In the climatic conditions that prevailed during the Middle Paleolithic, people often used caves or rock protection roofs ( abrises ) as shelter. Mostly entrance areas or cave forecourts were inhabited here, as the actual interior of the caves was uninhabitable due to the moisture. Therefore, one rarely finds any remains of settlement there.
In many caves and abrises, however, there are traces of installations, most of which are huts attached to the rock face (examples: Grotte du Lazaret near Nice or the cave of Combe Grenal in the Dordogne ), where post holes have been found that allow such installation occupy.
- NJ Conard (Ed.): Settlement dynamics of the Middle Paleolithic and Middle Stone Age. Tübingen 2001.
- Dunia Beck: The Middle Paleolithic of the Hohlenstein - barn and bear cave - in the Lone Valley . Bonn 1999. ISBN 3-7749-2967-X
- Gerhard Bosinski : The Middle Paleolithic finds in western Central Europe. Cologne 1967.
- Gerhard Bosinski : The Middle Palaeolithic: Stone processing - stone tool forms and groups of forms - processing of wood, bones and antlers - jewelry. In: E.-B. Krause (Ed.): The Neanderthals. Fire in the ice. 250,000 years of European history. Gelsenkirchen 1999, pp. 74-104.
- S. Gaudzinski: Wisentjäger von Wallertheim. On the taphonomy of a Middle Paleolithic field site in Rheinhessen. In: RGZM 39, 1992, pp. 160-220.
- S. Gaudzinski: Bones and bone tools from the Middle Paleolithic site in Salzgitter-Lebenstedt . In: RGZM 45, 1998, pp. 245-423.
- Francis B. Harrold: The view from across the Pyrenees: changing perspectives in the Middle-Upper Paleolithic transition in spanish prehistory . In: Espacio, Tiempo y Forma; Prehistoria y Arqueología 13 (2002) pp. 79-87.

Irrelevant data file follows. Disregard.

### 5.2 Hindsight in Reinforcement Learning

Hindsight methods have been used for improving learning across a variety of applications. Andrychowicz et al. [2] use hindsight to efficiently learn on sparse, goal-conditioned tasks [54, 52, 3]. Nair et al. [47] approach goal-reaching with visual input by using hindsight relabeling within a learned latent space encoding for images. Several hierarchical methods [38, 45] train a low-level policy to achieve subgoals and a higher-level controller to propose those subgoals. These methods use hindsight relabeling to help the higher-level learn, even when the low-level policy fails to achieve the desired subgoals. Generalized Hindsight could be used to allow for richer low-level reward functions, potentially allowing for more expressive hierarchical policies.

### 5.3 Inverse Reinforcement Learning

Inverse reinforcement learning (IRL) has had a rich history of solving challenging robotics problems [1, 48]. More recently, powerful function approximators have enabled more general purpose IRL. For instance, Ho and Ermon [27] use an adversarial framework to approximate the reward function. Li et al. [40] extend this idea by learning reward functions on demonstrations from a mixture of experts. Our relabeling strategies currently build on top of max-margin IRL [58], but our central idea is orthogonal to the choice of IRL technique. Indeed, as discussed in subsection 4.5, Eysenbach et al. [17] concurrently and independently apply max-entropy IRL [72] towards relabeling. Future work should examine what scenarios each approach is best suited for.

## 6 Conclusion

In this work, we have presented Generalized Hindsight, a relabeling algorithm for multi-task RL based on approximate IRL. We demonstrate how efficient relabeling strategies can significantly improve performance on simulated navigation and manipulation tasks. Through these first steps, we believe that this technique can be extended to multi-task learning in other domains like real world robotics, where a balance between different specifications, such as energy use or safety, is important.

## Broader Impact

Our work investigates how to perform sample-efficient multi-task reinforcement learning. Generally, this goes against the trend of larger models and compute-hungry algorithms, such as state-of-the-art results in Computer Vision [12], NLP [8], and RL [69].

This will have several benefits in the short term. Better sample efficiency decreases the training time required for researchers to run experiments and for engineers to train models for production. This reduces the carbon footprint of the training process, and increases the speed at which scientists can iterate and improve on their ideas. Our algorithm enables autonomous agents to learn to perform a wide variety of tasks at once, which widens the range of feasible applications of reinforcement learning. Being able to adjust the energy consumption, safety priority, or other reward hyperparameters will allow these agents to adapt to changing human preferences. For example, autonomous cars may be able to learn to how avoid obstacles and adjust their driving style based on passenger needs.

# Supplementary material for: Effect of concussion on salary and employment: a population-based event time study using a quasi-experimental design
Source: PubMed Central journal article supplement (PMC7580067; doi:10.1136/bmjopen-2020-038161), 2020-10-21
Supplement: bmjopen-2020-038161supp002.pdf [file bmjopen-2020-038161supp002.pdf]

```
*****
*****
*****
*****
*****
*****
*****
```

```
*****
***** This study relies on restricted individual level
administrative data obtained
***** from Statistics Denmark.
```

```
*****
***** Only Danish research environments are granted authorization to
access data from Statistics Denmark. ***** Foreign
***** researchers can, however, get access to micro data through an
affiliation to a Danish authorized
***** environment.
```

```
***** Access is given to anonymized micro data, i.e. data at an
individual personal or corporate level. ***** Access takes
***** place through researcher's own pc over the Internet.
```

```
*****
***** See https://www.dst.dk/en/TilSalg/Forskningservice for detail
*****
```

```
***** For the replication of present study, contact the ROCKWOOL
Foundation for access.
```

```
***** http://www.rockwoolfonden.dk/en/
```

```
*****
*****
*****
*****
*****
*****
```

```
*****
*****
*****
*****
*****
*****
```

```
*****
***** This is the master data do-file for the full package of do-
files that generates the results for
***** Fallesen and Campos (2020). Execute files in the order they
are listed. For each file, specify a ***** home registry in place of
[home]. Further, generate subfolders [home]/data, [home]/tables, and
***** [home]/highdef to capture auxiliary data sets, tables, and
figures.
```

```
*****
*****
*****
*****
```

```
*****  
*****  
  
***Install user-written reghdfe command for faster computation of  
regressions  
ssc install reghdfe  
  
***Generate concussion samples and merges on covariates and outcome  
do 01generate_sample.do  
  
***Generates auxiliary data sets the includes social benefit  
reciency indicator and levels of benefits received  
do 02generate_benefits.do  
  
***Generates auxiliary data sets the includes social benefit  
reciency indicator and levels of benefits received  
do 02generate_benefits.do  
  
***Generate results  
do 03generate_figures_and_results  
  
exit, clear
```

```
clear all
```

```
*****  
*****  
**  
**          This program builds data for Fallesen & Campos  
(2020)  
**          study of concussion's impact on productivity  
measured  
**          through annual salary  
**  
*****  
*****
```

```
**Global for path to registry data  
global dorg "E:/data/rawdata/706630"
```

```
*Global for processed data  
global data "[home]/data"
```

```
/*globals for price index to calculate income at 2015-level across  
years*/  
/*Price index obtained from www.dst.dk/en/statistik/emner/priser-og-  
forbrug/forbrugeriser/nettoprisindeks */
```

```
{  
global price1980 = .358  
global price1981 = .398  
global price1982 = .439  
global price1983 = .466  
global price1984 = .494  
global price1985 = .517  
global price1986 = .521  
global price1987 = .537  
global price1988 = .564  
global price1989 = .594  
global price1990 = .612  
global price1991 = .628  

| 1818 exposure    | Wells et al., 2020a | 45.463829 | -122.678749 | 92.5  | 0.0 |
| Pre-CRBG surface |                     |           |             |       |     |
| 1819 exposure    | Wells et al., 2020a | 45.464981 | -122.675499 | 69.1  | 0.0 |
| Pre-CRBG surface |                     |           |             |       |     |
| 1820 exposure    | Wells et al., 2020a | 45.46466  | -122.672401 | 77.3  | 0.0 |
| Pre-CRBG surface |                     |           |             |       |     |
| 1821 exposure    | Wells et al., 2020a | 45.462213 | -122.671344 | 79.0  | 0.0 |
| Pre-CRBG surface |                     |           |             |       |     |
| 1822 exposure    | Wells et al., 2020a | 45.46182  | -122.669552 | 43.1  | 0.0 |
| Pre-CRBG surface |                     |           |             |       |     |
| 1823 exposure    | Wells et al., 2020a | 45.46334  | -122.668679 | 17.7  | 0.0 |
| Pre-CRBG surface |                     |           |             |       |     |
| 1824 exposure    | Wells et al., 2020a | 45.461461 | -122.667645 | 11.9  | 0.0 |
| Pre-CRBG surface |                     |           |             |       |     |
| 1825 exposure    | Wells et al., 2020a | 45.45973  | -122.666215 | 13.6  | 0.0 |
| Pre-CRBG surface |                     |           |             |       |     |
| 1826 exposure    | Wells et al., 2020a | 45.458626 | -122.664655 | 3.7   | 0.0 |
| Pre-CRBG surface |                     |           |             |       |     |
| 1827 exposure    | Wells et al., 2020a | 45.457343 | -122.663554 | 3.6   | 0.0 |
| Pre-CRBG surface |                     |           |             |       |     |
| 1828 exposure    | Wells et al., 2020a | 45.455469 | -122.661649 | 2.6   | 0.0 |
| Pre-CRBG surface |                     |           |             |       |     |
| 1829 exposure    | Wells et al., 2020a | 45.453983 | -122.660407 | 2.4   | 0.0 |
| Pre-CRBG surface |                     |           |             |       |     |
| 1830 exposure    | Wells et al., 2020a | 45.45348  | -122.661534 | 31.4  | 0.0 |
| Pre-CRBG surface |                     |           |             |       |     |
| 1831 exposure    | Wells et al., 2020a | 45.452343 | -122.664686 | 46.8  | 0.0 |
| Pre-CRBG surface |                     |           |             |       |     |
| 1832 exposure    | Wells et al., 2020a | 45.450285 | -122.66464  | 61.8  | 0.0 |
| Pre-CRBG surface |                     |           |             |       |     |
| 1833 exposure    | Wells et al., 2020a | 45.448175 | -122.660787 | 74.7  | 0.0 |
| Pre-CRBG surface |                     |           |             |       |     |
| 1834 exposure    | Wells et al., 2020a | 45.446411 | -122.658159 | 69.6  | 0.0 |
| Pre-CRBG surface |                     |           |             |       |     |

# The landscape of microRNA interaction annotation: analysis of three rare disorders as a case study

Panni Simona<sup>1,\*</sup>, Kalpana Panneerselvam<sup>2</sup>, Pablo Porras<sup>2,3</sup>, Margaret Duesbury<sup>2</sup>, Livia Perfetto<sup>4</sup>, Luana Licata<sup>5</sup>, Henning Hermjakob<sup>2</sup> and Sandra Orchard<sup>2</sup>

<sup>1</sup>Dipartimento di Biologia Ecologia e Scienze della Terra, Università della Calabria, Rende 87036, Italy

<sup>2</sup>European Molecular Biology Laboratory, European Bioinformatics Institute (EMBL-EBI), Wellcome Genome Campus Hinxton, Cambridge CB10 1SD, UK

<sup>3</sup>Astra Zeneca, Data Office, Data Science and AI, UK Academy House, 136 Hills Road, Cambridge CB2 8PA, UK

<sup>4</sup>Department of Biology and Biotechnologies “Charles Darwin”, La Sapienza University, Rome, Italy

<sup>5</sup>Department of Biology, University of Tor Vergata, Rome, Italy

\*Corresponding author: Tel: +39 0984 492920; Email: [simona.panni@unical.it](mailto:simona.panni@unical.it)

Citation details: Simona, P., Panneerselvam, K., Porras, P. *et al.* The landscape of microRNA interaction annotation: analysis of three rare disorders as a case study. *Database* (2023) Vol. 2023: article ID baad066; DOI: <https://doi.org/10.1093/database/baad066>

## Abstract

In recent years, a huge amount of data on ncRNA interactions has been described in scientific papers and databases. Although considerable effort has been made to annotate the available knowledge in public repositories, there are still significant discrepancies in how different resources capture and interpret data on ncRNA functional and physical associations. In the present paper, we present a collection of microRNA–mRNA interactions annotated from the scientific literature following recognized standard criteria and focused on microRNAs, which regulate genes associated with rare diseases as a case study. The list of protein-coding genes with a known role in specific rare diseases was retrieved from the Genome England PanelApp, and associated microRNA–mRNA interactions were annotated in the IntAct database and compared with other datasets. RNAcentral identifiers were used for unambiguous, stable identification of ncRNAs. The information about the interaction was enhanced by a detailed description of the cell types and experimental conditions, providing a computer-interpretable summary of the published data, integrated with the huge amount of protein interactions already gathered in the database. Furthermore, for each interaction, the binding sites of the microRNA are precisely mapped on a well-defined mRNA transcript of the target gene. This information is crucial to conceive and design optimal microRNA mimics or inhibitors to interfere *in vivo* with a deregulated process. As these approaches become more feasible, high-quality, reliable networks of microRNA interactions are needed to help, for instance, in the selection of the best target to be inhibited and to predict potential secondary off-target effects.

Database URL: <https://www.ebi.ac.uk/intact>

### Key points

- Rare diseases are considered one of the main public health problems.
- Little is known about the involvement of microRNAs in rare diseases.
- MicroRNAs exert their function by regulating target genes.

- Jean-Louis Heim: Les enfantes neandertaliens de la ferrassie. Paris 1982.
- C. Reid Ferring: The middle Paleolithic of Algarve . In: III Congresso de Arqueologia Peninsular 2: Paleolítico da Península Ibérica (1999). 271-276.
- W. Roebroeks, C. Gamble: The Middle Paleolithic occupation of Europe. Leiden 1999.
- A. Ronen (Ed.): The Transition from Lower to Middle Paleolithic and the Origin of Modern Man. Oxford 1982.
- Jan Tomsky: The Middle Paleolithic in the Middle East . Wiesbaden 1991. ISBN 3-88226-215-X
- Eberhard Wagner: The Middle Palaeolithic of the Great Grotto at Blaubeuren (Alb-Danube district) . Stuttgart 1983.
- Gerhard Bosinski : The Transition Lower / Middle Paleolithic in Northwestern Germany. In: A. Ronen (Ed.): The transition from lower to middle Paleolithic and the origin of modern man. British Archaeological Reports 151 (International Series), 1982, pp. 165-175.
- Bosinski 1967, p. 2
- Bosinski 1967, p. 4
- Bosinski 1967, p. 5
- Bosinski 1967, pp. 5-9
- Bosinski 1967, p. 11
- Bosinski 1967, p. 20
- Gerhard Bosinski: The Neanderthal man and his time . Rheinland-Verlag Köln, Bonn 1985, p. 56
- O. Jöris: On the chronostratigraphic position of the late Middle Paleolithic groups of wedge knives. The attempt to delimit a Middle Paleolithic group of forms and their European context in terms of cultural geography. 84th Ber. Roman-German. Come on 2004
- Bosinski 1985, p. 29
- Bosinski 1967, p. 87
- Heim 1982, pp. 7-8
- Bosinski 1967, p. 87
- Jörg Orschiedt : The Krapina case - new results on the question of cannibalism in Neanderthals. In: Quaternary. 55, 2008, pp. 63-81.
- Johannes Krause et al: The derived FOXP2 variant of modern humans was shared with Neandertals. In: Current Biology , Vol. 17, No. 21, 2007, pp. 1908-1912. doi : 10.1016 / j.cub.2007.10.008
- M. Inman, Neandertals Had Same "Language Gene" as Modern Humans. In: National Geographic News , October 18, 2007
- Lieberman P .: On the Speech of Neanderthal Man. In: Linguistic Inquiry 2, 1971, pp. 203-222
- Bosinski 1985, p. 12
- Bosinski 1985, p. 37